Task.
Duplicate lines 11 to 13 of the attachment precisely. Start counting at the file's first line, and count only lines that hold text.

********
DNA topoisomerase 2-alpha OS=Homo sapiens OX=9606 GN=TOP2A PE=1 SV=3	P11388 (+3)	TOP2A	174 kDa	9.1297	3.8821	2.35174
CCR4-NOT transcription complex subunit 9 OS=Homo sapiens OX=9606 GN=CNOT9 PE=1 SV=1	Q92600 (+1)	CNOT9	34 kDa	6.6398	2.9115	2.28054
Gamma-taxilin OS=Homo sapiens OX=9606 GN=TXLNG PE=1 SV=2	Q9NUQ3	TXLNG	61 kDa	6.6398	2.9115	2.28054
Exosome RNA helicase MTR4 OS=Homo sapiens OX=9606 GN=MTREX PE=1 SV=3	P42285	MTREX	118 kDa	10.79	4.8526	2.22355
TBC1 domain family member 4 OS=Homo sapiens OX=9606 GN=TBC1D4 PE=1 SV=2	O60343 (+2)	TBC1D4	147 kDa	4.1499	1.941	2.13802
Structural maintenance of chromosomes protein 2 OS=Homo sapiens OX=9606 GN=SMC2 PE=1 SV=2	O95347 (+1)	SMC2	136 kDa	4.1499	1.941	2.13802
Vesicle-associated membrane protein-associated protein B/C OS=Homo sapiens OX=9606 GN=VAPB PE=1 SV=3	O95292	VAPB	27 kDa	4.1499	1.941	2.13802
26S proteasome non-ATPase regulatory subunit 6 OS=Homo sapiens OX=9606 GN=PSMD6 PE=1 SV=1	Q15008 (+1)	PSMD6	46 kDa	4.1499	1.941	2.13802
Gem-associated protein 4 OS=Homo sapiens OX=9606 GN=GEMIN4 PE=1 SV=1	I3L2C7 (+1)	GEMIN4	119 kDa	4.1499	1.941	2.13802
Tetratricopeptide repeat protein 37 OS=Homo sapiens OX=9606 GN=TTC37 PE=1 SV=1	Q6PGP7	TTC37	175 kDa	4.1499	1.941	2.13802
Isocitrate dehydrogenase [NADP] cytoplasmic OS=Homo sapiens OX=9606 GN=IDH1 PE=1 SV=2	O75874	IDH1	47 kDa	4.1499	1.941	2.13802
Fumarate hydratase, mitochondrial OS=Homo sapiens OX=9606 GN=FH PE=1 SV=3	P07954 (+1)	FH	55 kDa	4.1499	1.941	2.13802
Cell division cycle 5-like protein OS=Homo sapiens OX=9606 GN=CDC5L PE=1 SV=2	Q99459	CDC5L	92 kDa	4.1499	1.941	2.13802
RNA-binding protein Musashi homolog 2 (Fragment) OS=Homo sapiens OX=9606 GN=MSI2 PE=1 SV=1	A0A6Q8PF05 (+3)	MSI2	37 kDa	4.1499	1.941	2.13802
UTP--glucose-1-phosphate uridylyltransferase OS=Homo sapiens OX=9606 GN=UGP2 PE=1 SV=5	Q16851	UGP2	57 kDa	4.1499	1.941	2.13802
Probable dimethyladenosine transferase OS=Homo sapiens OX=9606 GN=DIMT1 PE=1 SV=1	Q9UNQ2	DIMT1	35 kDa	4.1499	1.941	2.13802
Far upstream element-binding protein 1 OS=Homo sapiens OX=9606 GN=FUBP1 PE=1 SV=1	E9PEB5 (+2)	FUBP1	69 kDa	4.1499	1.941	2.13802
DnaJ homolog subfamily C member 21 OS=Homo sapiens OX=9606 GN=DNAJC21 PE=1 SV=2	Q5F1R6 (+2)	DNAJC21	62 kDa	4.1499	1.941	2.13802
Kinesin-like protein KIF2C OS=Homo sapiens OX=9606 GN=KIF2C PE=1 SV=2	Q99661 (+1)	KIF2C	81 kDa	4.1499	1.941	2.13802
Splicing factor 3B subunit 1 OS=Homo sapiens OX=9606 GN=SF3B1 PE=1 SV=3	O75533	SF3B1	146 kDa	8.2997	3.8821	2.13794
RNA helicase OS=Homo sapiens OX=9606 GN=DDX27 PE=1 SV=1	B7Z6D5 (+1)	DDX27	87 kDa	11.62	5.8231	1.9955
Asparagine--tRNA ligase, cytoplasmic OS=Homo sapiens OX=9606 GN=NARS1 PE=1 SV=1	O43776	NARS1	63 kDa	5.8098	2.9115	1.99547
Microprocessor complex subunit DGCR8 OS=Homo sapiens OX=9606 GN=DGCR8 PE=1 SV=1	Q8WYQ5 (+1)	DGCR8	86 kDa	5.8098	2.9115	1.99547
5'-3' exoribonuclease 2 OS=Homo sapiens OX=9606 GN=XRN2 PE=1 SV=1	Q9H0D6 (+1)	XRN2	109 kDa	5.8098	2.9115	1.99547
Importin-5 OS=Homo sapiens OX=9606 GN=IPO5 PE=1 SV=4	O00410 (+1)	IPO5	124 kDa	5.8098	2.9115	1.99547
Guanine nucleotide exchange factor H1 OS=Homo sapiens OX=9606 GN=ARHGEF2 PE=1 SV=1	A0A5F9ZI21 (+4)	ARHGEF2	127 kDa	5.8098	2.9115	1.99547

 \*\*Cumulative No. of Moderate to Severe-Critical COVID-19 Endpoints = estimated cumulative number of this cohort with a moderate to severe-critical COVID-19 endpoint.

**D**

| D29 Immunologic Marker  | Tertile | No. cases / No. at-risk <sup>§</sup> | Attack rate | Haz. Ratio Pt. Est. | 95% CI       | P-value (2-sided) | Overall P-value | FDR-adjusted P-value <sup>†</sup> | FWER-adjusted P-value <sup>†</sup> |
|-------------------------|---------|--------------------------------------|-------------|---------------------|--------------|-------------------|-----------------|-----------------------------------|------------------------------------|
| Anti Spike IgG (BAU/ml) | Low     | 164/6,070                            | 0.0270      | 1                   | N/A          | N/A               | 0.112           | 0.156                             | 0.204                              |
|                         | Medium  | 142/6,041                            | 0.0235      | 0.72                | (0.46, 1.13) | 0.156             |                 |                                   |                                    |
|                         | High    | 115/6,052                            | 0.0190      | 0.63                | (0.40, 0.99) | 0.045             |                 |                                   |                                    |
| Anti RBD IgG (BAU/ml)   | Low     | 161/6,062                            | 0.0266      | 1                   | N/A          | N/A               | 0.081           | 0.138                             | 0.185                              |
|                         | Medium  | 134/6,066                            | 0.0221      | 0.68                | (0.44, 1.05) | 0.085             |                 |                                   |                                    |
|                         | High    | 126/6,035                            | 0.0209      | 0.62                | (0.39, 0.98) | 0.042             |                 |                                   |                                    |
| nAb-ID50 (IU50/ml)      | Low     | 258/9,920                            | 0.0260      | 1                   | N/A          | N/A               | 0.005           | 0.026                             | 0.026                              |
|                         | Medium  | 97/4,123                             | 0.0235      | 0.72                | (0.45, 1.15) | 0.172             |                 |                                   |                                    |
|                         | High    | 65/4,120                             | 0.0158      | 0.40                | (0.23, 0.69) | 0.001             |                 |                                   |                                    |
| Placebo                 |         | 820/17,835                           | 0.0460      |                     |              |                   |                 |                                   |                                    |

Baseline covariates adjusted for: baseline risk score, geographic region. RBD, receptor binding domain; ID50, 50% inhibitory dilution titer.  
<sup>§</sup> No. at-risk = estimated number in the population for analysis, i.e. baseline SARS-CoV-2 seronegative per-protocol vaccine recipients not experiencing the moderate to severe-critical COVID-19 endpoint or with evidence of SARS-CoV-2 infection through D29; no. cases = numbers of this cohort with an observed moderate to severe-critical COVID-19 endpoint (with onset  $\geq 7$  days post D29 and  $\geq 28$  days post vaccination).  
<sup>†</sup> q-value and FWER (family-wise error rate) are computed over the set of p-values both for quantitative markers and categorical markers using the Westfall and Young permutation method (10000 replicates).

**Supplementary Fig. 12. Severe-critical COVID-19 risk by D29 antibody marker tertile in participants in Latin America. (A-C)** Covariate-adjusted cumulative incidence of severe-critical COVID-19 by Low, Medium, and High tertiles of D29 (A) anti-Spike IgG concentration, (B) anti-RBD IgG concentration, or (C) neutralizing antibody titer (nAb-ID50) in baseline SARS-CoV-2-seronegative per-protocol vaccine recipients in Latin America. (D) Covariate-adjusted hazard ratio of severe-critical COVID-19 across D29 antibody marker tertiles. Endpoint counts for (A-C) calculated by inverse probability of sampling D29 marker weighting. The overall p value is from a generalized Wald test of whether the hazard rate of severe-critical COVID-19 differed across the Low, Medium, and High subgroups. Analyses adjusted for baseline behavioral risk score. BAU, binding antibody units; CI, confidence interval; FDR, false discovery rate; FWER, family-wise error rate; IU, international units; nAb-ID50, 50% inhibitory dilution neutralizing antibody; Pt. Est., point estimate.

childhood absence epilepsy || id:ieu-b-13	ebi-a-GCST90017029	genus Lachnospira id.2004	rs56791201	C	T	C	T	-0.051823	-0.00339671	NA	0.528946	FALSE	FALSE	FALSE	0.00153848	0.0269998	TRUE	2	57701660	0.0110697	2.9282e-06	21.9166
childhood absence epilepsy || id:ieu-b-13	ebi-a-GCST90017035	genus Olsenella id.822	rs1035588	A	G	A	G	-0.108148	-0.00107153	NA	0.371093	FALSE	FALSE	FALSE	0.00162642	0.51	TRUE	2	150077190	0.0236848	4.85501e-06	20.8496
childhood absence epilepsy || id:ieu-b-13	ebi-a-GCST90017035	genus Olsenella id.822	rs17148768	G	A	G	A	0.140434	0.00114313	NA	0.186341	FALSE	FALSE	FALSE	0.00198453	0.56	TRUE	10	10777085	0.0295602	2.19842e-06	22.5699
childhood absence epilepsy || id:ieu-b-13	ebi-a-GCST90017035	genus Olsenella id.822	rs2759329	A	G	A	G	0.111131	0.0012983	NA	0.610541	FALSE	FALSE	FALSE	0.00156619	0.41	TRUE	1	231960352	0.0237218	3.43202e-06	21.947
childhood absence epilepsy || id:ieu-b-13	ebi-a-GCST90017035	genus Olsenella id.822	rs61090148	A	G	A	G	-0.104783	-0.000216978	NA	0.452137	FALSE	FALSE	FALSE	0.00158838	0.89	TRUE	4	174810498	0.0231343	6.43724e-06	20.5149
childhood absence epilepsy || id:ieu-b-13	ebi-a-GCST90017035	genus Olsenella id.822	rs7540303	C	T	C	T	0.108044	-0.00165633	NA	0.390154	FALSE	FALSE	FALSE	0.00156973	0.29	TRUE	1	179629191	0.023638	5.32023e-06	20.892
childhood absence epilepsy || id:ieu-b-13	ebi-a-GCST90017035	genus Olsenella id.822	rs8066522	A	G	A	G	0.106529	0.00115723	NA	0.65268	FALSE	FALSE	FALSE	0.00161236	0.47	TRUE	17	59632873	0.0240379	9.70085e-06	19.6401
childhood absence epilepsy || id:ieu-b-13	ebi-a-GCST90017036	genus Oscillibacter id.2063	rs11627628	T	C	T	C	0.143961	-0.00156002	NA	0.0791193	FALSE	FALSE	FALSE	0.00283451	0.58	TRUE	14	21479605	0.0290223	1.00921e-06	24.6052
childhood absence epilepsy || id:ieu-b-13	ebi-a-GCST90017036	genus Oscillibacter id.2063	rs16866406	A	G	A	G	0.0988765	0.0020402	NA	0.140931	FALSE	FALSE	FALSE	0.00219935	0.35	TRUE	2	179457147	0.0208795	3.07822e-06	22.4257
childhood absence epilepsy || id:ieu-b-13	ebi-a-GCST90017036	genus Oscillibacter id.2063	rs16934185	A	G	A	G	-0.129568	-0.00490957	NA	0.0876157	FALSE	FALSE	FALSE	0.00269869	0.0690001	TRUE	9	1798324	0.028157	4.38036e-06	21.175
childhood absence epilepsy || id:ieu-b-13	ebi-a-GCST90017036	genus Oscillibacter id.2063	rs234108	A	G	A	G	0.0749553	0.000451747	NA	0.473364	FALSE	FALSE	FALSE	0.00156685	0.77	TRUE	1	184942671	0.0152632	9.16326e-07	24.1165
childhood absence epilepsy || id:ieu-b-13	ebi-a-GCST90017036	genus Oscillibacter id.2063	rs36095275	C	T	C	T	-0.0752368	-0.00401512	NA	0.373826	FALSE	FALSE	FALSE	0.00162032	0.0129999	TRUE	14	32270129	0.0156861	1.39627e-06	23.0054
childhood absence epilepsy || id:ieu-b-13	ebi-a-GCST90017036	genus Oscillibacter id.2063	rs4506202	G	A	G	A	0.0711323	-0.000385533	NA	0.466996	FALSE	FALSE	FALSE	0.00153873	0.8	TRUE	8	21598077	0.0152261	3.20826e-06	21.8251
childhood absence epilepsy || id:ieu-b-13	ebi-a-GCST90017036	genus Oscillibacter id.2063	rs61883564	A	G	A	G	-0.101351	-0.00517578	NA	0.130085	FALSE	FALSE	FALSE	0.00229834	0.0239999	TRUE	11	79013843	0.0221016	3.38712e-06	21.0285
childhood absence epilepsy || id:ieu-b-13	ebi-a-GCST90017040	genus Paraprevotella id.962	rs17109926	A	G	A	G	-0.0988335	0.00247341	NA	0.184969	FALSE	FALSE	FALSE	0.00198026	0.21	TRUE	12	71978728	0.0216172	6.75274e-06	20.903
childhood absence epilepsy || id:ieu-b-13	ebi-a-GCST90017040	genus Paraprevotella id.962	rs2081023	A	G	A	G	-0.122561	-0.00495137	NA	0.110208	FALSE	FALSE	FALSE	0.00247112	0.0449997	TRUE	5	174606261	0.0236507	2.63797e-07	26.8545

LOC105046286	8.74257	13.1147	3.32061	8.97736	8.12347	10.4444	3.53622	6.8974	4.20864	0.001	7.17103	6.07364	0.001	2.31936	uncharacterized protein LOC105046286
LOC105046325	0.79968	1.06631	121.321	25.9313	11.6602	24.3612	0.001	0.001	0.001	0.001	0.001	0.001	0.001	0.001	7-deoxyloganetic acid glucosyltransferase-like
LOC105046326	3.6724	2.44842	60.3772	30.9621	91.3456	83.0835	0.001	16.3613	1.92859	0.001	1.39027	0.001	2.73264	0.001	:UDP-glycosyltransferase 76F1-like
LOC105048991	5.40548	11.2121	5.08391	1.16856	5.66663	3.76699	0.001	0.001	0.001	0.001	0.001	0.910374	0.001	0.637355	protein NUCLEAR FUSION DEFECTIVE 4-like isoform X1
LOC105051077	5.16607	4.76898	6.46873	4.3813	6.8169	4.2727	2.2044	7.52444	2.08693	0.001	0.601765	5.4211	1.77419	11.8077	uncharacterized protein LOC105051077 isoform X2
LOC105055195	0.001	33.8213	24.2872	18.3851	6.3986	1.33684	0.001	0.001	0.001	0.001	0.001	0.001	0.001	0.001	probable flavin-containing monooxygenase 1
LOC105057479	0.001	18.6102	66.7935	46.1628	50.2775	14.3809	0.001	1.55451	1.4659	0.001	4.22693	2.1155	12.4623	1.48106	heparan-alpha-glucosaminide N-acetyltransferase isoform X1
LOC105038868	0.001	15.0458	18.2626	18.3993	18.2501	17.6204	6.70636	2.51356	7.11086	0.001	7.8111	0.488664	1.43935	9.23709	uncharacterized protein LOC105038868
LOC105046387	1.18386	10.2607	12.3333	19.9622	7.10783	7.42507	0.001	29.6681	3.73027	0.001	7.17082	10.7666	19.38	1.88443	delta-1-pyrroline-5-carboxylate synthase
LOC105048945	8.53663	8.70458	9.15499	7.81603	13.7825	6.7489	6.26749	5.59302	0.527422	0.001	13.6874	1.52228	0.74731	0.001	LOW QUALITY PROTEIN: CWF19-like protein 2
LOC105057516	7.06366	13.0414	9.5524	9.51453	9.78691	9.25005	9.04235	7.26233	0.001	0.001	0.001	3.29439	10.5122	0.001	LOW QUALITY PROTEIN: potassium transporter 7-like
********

Isocitrate dehydrogenase [NADP] cytoplasmic OS=Homo sapiens OX=9606 GN=IDH1 PE=1 SV=2	O75874	IDH1	47 kDa	4.1499	1.941	2.13802
Fumarate hydratase, mitochondrial OS=Homo sapiens OX=9606 GN=FH PE=1 SV=3	P07954 (+1)	FH	55 kDa	4.1499	1.941	2.13802
Cell division cycle 5-like protein OS=Homo sapiens OX=9606 GN=CDC5L PE=1 SV=2	Q99459	CDC5L	92 kDa	4.1499	1.941	2.13802